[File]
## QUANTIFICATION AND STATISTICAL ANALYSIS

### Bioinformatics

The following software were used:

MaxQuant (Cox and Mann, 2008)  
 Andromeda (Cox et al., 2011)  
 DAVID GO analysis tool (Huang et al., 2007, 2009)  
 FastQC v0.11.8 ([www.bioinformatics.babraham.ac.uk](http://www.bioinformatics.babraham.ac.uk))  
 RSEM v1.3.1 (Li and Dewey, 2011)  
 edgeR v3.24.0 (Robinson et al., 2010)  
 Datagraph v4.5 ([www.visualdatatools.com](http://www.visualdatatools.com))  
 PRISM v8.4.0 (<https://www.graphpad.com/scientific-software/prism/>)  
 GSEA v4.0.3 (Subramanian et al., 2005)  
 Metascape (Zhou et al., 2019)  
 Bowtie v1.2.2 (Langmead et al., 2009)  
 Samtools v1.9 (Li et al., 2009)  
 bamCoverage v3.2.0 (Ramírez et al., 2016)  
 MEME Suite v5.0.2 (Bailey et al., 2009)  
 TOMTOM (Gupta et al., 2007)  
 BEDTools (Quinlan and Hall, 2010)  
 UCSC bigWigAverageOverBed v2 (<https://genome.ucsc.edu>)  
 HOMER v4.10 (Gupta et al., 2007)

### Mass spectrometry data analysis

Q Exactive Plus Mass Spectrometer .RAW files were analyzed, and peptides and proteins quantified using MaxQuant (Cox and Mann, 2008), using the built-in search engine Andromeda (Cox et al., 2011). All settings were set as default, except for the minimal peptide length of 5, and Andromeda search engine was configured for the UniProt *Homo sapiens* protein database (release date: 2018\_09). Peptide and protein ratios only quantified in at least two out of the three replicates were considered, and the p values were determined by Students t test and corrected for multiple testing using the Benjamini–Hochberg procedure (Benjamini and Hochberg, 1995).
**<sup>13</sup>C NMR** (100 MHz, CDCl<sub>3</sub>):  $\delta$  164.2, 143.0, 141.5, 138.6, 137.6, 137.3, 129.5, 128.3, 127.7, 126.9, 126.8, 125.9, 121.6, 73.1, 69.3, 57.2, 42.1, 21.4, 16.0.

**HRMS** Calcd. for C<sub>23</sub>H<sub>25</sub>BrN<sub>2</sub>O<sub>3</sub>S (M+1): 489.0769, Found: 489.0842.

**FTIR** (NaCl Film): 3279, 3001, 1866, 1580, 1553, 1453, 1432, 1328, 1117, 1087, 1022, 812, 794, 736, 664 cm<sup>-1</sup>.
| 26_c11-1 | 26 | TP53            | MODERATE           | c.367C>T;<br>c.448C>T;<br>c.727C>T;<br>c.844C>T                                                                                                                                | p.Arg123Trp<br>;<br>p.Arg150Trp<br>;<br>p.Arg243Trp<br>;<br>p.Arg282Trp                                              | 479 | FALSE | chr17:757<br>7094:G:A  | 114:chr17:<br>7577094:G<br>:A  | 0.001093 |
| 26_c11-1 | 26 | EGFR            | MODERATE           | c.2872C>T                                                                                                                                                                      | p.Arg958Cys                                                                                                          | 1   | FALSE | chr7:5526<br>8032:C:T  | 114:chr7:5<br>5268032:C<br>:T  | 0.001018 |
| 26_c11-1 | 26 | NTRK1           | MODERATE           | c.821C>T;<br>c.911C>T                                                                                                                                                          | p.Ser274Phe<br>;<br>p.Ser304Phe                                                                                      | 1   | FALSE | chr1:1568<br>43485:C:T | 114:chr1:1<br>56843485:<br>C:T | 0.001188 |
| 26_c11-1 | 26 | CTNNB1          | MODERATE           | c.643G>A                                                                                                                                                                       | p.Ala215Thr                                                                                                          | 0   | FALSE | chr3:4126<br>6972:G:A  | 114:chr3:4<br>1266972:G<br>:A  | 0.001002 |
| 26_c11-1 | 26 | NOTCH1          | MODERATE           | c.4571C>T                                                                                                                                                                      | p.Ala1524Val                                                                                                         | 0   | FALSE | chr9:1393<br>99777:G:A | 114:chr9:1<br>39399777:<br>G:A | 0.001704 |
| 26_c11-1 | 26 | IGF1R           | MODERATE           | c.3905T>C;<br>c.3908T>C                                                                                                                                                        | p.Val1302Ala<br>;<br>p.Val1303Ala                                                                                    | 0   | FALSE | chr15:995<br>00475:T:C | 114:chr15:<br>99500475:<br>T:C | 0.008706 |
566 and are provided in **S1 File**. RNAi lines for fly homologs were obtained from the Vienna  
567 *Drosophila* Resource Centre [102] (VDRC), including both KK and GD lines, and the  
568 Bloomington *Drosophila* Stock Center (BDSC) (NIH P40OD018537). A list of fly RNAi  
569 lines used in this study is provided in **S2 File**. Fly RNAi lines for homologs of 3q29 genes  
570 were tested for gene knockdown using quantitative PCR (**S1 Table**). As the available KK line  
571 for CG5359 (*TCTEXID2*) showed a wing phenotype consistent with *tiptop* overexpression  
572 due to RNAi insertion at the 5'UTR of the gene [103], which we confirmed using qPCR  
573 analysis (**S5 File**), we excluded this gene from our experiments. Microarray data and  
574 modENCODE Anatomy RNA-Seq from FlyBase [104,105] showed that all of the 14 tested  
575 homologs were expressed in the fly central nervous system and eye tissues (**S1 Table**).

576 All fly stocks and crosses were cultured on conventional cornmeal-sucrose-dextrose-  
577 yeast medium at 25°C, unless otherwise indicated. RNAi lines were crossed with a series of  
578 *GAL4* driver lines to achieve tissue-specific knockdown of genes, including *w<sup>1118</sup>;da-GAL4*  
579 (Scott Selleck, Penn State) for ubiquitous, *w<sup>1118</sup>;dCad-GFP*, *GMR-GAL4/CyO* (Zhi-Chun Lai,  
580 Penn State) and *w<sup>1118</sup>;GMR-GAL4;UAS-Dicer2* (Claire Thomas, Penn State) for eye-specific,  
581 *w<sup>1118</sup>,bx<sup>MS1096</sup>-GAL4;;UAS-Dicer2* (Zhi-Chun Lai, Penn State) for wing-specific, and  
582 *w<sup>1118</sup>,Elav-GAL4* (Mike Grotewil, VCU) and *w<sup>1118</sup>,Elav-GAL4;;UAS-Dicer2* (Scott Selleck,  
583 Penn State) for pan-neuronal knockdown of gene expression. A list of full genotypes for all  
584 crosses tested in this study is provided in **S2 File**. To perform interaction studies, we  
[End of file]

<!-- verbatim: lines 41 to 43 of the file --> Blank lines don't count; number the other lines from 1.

574 modENCODE Anatomy RNA-Seq from FlyBase [104,105] showed that all of the 14 tested  
575 homologs were expressed in the fly central nervous system and eye tissues (**S1 Table**).

576 All fly stocks and crosses were cultured on conventional cornmeal-sucrose-dextrose-  